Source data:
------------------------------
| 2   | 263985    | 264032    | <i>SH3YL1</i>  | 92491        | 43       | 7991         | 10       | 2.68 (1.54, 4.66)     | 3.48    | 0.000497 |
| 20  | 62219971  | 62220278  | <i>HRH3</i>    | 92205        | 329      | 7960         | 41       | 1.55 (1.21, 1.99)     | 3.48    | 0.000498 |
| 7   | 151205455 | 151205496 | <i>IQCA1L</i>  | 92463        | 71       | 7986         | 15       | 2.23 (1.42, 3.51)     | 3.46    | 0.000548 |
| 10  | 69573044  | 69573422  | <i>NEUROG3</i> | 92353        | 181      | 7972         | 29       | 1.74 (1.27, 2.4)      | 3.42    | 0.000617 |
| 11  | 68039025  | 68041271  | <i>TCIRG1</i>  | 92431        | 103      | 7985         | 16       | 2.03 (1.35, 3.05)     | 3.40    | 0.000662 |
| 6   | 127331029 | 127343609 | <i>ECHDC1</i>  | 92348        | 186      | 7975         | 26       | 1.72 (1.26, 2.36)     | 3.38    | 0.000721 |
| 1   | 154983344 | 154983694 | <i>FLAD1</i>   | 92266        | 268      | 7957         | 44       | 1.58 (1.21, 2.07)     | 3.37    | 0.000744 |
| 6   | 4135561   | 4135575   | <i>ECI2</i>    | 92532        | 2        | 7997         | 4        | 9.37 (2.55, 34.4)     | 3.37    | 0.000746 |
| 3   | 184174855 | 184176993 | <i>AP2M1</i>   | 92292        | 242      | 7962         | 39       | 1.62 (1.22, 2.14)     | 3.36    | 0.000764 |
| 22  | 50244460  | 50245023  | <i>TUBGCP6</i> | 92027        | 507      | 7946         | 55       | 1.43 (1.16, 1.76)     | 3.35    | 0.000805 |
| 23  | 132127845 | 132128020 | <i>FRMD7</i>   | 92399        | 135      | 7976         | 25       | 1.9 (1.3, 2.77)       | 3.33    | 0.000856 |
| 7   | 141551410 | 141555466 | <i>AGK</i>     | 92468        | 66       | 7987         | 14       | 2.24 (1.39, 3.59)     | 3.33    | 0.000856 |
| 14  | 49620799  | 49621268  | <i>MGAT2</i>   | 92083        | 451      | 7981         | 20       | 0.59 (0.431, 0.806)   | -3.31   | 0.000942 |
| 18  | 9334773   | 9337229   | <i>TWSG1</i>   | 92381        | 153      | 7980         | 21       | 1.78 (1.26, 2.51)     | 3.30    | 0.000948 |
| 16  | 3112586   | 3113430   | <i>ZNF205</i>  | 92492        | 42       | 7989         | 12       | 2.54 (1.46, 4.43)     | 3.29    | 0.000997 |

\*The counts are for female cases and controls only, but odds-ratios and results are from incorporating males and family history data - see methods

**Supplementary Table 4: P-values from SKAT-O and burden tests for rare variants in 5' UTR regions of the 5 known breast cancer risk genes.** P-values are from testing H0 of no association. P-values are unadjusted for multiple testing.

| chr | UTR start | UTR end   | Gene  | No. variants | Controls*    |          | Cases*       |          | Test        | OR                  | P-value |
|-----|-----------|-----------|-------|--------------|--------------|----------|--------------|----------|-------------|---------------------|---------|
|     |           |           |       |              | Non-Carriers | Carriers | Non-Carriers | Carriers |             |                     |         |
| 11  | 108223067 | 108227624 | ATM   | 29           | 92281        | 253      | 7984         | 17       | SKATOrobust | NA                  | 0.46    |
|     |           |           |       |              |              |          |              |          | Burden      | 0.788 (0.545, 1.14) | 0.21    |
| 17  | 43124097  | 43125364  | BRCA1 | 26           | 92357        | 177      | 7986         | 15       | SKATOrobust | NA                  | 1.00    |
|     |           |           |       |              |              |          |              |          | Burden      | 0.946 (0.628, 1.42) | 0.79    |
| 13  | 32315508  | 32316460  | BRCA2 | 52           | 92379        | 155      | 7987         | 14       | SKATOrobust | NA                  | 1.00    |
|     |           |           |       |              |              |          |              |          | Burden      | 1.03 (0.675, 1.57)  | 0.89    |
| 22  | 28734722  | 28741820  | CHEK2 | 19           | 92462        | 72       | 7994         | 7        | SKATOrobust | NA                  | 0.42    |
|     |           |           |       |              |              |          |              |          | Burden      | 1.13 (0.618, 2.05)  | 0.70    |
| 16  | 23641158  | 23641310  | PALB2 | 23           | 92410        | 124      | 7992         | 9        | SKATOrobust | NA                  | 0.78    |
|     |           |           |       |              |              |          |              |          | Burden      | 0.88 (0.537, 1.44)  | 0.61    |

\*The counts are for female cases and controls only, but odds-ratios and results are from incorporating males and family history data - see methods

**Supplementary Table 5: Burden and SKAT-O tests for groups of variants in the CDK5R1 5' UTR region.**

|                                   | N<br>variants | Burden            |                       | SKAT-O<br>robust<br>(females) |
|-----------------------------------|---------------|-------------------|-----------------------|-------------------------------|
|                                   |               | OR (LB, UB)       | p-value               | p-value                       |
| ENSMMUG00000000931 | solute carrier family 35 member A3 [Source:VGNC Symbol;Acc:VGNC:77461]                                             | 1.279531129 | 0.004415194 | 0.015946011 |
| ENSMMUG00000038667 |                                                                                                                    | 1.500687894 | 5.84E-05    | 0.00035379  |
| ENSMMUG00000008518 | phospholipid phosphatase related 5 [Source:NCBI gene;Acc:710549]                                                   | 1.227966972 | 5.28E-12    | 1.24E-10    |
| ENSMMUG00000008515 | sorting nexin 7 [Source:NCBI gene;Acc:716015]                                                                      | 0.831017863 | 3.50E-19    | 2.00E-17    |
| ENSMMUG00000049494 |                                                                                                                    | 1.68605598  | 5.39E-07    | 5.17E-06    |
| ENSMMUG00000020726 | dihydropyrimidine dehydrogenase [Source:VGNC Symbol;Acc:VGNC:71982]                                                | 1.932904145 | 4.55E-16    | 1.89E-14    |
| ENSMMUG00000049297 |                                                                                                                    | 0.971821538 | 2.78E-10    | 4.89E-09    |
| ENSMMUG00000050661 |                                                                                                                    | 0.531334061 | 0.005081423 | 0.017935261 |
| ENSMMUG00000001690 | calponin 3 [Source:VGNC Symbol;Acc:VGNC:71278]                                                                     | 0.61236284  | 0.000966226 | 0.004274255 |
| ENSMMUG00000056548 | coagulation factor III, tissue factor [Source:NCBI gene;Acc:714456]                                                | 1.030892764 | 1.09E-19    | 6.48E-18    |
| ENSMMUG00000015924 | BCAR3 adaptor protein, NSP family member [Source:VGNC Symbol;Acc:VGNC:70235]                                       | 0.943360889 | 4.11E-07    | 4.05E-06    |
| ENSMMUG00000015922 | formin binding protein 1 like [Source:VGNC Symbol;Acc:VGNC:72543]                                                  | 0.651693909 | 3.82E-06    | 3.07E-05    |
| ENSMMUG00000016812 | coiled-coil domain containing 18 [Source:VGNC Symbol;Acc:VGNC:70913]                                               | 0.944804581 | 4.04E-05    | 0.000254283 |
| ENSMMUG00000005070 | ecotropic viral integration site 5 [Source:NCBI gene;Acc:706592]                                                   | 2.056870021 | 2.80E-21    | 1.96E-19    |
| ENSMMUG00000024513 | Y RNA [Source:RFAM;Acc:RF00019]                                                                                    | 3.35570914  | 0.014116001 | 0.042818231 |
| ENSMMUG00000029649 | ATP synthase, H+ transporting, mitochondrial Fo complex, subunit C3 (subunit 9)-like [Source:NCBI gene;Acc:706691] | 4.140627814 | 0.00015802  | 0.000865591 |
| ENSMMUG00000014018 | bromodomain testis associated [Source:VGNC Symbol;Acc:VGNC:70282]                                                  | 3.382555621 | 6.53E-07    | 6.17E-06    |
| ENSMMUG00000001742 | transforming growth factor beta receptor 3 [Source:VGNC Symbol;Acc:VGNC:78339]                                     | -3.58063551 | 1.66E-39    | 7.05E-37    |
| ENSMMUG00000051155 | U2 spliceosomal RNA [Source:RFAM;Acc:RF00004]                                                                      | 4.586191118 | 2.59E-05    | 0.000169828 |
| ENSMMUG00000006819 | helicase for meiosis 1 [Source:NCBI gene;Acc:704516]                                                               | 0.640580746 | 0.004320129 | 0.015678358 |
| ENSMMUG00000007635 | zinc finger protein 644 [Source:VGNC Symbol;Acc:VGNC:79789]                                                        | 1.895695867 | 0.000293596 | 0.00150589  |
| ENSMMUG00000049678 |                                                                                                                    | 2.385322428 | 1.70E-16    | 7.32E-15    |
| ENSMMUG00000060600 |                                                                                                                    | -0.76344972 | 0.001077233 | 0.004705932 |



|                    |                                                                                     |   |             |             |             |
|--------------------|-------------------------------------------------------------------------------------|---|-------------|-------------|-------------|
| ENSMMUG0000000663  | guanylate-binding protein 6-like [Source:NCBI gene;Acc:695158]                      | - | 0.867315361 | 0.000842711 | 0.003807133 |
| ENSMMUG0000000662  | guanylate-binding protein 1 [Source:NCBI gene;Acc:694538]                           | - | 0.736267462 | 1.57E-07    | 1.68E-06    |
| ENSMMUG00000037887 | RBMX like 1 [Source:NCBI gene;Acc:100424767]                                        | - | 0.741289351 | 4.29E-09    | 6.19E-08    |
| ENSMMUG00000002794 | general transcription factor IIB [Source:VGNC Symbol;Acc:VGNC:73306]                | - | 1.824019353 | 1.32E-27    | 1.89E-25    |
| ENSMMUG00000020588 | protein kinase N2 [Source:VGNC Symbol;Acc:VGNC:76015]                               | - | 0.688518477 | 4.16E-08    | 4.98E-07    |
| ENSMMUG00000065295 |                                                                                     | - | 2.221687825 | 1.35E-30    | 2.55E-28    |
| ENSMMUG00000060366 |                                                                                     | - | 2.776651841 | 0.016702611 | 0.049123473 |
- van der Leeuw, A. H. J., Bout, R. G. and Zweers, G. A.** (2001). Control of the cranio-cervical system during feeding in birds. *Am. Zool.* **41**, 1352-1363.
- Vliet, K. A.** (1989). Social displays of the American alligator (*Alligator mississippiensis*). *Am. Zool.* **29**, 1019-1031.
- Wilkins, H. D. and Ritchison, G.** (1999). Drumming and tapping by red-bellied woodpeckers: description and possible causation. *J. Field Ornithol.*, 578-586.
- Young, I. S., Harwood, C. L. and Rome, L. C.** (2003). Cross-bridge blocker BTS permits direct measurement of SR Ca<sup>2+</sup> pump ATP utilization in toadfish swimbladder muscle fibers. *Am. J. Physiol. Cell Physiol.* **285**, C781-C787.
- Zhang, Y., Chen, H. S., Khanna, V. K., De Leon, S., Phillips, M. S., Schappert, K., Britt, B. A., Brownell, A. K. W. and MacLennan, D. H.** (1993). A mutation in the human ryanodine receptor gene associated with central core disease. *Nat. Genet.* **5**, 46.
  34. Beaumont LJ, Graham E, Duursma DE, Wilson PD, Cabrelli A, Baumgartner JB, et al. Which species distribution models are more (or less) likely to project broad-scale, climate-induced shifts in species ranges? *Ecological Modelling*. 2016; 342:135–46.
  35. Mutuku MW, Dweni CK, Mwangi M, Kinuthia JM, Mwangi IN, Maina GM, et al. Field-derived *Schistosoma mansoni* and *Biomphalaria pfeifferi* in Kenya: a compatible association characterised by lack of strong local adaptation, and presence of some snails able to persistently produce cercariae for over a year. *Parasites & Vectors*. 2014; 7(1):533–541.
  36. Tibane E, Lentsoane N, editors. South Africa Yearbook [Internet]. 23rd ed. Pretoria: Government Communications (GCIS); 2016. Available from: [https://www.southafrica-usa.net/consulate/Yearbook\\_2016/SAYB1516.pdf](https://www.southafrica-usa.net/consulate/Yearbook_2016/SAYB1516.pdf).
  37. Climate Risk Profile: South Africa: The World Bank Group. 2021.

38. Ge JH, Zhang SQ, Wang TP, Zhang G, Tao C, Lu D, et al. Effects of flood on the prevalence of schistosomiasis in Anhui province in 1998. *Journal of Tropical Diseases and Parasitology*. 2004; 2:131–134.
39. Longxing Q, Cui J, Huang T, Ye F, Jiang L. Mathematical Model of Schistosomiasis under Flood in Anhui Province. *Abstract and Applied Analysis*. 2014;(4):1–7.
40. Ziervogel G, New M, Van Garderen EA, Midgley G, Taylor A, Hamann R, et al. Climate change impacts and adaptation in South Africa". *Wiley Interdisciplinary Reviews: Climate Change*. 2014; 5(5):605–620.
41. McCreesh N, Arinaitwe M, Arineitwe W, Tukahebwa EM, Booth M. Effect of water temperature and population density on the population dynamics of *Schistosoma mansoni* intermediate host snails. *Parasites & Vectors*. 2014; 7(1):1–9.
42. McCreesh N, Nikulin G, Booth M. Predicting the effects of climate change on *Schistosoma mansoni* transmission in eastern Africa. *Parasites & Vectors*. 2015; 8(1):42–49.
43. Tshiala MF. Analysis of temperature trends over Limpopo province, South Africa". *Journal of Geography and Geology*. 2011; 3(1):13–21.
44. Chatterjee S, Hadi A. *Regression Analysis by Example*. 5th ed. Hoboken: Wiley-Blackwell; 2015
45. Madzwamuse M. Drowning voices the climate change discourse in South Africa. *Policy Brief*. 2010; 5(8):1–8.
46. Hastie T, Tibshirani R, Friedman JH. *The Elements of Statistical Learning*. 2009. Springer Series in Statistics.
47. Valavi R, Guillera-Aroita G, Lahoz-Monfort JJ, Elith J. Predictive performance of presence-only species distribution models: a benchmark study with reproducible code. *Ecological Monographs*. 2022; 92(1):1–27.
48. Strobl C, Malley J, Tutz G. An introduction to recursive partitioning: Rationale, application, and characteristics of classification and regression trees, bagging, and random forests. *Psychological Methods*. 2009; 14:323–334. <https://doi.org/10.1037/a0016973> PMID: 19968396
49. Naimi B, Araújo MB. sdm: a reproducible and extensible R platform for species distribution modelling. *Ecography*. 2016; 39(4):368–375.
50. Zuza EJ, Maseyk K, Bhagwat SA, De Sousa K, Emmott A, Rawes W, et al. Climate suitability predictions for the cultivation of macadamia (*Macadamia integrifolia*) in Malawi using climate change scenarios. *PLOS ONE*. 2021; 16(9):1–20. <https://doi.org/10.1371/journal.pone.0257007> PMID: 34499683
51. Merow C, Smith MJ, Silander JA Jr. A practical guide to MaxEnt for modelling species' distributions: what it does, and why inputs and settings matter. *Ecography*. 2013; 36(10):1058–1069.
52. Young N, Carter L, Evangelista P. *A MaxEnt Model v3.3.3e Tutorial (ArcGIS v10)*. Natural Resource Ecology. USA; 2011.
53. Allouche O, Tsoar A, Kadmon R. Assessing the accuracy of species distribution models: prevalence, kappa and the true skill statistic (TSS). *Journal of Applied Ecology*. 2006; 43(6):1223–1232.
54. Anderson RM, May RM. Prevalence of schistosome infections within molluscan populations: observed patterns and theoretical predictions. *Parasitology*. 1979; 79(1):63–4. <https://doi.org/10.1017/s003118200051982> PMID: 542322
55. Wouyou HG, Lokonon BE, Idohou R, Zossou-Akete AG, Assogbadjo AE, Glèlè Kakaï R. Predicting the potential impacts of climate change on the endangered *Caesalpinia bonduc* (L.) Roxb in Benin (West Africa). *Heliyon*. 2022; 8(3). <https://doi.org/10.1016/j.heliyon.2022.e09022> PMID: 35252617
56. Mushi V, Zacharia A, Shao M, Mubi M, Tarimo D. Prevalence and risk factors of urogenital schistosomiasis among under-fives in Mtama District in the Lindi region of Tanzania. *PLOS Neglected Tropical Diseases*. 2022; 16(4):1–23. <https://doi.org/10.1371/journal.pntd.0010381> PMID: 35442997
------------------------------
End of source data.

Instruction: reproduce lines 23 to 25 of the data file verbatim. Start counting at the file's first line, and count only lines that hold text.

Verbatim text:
| 17  | 43124097  | 43125364  | BRCA1 | 26           | 92357        | 177      | 7986         | 15       | SKATOrobust | NA                  | 1.00    |
|     |           |           |       |              |              |          |              |          | Burden      | 0.946 (0.628, 1.42) | 0.79    |
| 13  | 32315508  | 32316460  | BRCA2 | 52           | 92379        | 155      | 7987         | 14       | SKATOrobust | NA                  | 1.00    |